> Q3 EPCI: What are the biggest challenges/issues for the current passive component manufactures itself and also from the position of their co-operation within the supply chain (customers, suppliers, distributors ..)


We seek to have a socially and environmentally responsible supply chain. So several manufacturers, including KEMET, have set up tantalum supply chains that ensure we only procure ore from certified conflict free mines. KEMET has taken that a step further by setting up a closed loop tantalum supply chain where we have close partners or in house manufacturing all the way from the mine through tantalum powder production. This was done in order to supply a consistent and stable source of Tantalum for our capacitors in a socially responsible manner.

There are also many more requirements on types of materials that can be used today. So, tin, tungsten, and gold also have to be certified as conflict free. In addition, we have RoHS and REACH that restrict materials that can be used. So we have to work very closely with suppliers to understand all the materials that they use.

The web and electronic communication is changing the way we interact with customers. Increasingly customers are finding information through the web or social media. We are continually upgrading our website to have technical materials, catalog search, and simulation tools available and discoverable on line. KEMET has also launched an app for iOS and Android that contains data sheets and application notes on the device and links to web tools.

EPCI: I can only confirm that your openness for this interview shared on-line and by social media is the good practical demonstation of your positive relation to the electronic communication channels… but let me ask you the last question of this brief interview:

> Q4, EPCI: You mentioned a raising importance of special high end applications such as automotive, medical … and space. I noticed that you are presenting two papers related to tantalum capacitors for space applications at the upcoming ESA Space Passive Component Days. One of the obvious trend in space and high-end applications is their move to cheaper commercial grade components. Can you please share with us if you see this pressure more as a”dangerous move” that require “careful attention”, or as a new challenge for new technologies, …. and what is a KEMET response to this trend.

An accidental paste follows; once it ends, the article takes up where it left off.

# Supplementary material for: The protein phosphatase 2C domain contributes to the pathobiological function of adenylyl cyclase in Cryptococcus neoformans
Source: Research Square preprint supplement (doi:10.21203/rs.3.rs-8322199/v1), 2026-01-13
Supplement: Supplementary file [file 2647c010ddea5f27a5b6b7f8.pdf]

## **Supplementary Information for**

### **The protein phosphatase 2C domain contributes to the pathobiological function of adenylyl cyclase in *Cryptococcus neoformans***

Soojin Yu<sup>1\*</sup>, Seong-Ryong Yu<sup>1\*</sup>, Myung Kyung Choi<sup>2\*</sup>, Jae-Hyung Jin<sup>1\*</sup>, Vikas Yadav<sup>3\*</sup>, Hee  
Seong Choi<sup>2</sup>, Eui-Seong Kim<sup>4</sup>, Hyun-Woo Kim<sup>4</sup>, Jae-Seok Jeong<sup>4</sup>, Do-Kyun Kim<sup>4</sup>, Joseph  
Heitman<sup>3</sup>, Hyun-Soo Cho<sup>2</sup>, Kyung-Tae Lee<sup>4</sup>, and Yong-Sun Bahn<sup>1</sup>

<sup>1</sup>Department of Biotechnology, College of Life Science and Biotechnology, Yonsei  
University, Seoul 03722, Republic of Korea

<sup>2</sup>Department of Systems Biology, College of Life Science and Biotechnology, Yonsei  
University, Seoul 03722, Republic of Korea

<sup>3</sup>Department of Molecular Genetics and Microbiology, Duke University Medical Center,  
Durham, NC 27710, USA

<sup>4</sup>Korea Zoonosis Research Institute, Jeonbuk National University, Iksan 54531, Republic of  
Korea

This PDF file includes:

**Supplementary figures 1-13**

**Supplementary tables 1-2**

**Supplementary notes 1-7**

I see a few trends in military and aerospace components. One is the move to new component materials technologies. So BME components are starting to be used in MLCC and Polymer components are starting to be used in Tantalum. This is being driven by performance reasons (higher cap, lower ESR). Initially this was done through COTS, but now formal government specifications are becoming available.

The use of commercial components are partially driven by performance and partially by price. COTS components can have higher CV, lower ESR, etc. than the more conservative military specification components. So there is some risk for the less conservative design, but this can be mitigated by the additional testing and screening that can be specified with a COTS component. Just specifying commercial could be dangerous because you have the more aggressive design without the special screening and testing.


EPCI: Thank you Philip, we appreciate your time and sharing your opinions with us.


KEMET is presenting two papers “Effects of ambient atmosphere on reliability of solid tantalum capacitors” and “Tantalum SMD capacitors with manganese dioxide and conductive polymer counter electrode for space applications” at the upcoming ESA Space Passive Component Days at ESTEC The Netherland on October 12-14, 2016 – link here in the event calendar or the ESA SPCD website here.